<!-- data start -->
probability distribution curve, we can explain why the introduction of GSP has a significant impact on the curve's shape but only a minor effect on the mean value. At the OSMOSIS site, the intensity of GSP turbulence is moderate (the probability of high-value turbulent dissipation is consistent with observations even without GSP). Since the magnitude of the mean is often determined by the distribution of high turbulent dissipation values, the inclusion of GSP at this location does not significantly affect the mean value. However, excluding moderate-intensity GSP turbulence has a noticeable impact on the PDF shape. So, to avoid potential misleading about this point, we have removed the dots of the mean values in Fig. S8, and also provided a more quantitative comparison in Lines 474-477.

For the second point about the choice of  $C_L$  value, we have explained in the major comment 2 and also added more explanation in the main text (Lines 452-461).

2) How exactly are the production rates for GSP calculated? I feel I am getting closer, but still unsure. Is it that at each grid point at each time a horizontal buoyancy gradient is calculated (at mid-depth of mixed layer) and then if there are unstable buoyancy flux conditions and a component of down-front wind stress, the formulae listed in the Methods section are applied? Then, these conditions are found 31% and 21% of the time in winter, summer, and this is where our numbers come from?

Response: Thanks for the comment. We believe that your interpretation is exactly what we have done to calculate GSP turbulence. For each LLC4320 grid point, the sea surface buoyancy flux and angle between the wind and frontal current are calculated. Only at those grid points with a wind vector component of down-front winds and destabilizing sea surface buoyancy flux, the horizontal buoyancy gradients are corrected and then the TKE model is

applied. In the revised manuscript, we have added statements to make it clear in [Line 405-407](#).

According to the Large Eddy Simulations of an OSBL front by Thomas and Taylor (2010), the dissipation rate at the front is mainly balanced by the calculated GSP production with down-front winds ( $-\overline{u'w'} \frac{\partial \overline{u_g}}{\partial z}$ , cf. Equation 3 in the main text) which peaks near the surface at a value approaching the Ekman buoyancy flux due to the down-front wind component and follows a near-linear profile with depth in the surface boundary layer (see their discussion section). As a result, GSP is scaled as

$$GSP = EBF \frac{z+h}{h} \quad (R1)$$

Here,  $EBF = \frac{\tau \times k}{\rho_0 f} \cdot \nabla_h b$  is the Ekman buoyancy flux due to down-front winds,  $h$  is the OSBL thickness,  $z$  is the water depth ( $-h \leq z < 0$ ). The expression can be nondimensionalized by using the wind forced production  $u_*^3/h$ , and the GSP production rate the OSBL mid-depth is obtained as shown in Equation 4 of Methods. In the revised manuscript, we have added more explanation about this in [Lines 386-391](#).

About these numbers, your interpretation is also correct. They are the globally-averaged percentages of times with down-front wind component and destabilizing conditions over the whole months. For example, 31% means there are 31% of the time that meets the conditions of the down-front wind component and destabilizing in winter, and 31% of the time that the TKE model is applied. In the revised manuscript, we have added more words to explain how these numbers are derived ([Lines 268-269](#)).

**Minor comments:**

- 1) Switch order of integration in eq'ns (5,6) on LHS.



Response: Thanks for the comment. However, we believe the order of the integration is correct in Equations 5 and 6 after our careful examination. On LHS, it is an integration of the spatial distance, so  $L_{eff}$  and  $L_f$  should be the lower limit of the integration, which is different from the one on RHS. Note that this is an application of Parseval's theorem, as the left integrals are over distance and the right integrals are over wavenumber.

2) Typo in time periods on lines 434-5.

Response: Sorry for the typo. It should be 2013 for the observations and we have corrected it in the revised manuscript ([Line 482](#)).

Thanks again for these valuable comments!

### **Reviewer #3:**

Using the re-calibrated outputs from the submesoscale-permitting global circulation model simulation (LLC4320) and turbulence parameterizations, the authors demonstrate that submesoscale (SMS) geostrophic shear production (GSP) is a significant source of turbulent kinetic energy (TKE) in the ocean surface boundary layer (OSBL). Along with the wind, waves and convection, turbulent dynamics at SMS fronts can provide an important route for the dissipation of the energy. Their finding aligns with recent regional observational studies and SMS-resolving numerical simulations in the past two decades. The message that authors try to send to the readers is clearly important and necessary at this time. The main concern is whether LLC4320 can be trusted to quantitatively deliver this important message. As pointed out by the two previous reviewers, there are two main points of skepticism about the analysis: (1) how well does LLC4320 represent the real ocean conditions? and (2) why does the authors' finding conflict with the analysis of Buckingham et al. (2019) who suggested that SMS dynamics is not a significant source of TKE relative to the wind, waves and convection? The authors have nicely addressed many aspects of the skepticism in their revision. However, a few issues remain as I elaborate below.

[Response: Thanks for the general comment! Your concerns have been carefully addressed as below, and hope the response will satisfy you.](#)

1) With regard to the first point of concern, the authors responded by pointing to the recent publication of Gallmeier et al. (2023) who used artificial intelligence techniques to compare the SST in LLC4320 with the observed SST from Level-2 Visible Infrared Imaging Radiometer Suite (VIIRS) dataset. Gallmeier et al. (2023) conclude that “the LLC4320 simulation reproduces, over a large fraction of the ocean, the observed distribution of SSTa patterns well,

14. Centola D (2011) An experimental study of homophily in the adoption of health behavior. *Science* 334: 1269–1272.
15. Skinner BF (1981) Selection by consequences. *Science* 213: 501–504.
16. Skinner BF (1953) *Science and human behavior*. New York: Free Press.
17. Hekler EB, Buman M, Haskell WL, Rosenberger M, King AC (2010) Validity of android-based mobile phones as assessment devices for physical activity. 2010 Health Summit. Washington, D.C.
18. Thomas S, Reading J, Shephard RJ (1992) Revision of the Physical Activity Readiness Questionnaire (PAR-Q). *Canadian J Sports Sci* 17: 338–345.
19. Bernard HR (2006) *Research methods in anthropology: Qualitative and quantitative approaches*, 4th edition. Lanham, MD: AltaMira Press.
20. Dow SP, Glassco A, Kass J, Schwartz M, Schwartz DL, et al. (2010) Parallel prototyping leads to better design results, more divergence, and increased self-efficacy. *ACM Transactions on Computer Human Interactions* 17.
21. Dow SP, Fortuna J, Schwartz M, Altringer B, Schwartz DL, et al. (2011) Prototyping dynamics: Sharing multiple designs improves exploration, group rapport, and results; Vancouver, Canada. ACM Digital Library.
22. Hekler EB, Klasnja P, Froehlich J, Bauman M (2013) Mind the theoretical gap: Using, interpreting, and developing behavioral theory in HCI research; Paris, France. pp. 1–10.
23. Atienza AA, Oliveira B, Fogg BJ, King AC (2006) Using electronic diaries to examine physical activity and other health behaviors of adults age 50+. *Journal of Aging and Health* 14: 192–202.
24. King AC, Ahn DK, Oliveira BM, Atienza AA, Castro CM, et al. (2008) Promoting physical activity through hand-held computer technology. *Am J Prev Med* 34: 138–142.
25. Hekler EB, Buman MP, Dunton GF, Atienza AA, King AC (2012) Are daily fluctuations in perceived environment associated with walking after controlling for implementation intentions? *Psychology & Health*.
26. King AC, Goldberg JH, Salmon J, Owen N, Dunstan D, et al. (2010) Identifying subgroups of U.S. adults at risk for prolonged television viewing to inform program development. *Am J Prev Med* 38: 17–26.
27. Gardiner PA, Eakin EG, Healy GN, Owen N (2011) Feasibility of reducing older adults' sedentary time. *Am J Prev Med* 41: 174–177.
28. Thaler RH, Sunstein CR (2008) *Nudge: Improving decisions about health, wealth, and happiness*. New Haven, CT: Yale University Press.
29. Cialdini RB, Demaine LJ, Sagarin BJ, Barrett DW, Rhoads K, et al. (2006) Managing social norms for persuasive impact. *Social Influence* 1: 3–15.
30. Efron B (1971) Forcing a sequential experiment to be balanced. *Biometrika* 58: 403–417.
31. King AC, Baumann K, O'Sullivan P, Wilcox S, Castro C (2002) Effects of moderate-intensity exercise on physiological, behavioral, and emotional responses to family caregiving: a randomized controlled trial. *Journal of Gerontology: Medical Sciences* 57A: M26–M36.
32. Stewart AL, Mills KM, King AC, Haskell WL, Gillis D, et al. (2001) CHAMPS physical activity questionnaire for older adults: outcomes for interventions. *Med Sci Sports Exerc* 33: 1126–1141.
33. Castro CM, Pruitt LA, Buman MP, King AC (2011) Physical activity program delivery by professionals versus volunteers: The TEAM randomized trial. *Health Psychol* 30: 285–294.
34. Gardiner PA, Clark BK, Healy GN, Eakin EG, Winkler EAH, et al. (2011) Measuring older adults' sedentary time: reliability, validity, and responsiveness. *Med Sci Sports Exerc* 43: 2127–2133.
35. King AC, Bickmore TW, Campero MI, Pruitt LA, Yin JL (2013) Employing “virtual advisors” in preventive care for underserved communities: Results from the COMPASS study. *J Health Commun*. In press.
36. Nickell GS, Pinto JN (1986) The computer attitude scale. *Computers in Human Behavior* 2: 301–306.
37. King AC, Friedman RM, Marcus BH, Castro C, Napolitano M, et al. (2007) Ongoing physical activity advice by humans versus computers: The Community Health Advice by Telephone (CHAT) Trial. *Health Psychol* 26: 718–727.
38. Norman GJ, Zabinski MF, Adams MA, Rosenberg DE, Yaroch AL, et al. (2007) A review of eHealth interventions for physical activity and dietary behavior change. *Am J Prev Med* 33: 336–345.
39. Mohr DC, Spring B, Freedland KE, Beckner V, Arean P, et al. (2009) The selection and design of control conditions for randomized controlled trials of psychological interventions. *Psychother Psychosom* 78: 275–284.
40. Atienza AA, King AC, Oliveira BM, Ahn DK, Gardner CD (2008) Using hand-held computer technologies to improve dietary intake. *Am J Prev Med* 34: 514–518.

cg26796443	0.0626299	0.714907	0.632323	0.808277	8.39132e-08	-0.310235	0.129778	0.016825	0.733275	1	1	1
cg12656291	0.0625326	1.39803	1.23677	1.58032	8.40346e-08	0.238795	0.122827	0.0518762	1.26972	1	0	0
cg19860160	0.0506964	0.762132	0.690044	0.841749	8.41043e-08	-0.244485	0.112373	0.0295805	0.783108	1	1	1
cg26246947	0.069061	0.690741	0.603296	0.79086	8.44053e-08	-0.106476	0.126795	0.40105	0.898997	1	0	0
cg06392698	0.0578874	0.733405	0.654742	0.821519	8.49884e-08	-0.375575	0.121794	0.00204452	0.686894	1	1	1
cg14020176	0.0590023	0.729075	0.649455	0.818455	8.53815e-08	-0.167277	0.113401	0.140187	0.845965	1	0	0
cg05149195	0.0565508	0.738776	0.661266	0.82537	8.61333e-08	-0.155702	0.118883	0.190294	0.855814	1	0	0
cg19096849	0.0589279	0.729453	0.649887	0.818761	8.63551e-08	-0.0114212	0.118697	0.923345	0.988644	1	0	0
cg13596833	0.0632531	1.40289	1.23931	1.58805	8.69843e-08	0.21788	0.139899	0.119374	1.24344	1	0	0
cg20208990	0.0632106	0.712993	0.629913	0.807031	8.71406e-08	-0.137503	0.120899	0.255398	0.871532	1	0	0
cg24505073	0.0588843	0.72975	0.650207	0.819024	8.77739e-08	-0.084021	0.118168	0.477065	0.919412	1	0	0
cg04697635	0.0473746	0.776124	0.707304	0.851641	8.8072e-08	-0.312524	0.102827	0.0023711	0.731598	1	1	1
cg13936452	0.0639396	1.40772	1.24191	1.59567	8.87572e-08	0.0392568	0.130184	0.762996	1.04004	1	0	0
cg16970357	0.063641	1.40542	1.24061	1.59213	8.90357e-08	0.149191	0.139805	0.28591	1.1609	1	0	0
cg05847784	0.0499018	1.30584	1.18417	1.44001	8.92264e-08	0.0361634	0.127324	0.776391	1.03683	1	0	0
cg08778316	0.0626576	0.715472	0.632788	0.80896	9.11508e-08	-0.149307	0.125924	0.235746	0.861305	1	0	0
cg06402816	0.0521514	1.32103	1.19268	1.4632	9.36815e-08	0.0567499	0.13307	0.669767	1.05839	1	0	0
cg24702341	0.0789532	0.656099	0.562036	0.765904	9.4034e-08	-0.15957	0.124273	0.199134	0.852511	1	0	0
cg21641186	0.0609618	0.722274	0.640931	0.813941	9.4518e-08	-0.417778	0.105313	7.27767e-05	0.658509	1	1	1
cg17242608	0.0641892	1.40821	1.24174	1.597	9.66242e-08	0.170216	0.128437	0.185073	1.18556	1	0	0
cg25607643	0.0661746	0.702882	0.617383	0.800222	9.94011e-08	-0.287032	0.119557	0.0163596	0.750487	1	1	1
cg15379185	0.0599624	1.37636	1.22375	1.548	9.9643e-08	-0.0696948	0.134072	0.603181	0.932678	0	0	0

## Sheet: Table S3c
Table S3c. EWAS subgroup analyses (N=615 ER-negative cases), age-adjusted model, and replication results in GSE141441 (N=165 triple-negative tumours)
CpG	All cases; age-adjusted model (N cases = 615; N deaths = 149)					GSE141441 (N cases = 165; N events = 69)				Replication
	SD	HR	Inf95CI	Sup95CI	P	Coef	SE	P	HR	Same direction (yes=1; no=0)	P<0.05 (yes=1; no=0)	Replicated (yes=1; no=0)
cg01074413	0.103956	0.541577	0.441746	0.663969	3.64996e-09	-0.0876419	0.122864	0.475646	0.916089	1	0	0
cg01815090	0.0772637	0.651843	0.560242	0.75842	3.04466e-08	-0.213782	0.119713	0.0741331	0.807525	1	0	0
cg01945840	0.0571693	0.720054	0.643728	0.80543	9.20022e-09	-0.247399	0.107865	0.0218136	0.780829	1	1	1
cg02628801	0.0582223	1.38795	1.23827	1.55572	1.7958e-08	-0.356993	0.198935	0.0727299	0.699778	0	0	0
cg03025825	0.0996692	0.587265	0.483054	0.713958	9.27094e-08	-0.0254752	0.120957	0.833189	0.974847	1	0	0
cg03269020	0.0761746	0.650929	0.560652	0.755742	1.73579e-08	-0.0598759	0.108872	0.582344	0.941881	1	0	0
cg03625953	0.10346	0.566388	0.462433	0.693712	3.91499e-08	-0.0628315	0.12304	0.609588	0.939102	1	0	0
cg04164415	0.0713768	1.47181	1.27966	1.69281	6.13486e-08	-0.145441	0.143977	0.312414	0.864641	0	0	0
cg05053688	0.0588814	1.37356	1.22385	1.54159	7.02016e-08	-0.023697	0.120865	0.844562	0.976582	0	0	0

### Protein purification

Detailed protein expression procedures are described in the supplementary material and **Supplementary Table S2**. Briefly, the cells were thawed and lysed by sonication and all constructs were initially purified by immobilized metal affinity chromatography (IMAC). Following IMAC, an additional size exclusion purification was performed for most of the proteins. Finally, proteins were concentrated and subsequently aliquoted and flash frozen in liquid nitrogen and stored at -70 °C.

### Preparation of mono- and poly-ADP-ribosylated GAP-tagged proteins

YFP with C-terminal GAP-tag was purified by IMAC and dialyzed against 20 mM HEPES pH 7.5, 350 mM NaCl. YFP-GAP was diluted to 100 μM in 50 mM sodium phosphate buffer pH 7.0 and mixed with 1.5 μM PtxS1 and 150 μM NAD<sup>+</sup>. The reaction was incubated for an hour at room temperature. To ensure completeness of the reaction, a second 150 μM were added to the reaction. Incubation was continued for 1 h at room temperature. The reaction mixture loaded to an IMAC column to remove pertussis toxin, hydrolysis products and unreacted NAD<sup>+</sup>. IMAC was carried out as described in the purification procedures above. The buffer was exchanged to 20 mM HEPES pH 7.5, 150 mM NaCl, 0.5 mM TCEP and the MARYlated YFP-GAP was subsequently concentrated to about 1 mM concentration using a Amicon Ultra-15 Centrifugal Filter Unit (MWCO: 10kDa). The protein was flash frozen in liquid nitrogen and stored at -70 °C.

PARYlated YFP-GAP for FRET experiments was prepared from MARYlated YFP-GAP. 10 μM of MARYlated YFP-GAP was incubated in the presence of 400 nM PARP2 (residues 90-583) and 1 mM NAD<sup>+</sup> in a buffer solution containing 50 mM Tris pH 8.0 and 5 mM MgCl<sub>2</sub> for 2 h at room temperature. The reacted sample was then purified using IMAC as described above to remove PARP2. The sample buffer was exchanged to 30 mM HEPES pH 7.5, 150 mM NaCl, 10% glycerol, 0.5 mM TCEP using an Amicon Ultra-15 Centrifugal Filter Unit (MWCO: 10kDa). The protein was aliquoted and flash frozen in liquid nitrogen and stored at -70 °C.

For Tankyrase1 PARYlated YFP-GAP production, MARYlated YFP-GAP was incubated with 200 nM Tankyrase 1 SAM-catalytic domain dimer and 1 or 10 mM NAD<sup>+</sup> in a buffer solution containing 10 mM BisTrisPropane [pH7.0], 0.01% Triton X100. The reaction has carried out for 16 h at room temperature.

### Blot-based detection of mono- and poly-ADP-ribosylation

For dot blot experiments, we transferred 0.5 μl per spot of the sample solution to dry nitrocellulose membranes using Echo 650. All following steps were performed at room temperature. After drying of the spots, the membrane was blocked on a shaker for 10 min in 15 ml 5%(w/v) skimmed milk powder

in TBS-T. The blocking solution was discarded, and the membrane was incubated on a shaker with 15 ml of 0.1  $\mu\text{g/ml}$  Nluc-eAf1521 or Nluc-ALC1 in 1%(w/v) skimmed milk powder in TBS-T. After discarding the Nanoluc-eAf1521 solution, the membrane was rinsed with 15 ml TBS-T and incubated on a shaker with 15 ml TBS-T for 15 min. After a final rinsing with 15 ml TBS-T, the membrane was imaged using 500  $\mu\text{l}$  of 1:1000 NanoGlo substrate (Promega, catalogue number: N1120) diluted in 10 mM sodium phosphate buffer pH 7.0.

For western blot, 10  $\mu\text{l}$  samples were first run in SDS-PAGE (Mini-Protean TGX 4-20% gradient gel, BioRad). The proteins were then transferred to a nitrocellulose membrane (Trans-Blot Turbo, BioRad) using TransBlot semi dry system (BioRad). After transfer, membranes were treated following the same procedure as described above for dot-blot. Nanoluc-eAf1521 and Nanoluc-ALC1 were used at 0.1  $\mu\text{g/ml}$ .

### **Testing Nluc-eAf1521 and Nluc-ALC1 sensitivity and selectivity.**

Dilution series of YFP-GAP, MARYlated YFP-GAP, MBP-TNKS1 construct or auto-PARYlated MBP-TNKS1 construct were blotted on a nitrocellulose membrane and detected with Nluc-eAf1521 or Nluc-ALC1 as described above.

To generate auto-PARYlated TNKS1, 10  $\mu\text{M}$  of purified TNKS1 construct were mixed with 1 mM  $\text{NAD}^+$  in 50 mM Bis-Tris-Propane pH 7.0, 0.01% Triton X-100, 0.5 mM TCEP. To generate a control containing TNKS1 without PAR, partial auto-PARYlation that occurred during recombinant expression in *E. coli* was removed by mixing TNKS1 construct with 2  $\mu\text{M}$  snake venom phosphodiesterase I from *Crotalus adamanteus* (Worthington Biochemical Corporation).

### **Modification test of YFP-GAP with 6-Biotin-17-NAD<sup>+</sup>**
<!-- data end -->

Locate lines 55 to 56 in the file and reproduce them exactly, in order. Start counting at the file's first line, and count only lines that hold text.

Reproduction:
cg13596833	0.0632531	1.40289	1.23931	1.58805	8.69843e-08	0.21788	0.139899	0.119374	1.24344	1	0	0
cg20208990	0.0632106	0.712993	0.629913	0.807031	8.71406e-08	-0.137503	0.120899	0.255398	0.871532	1	0	0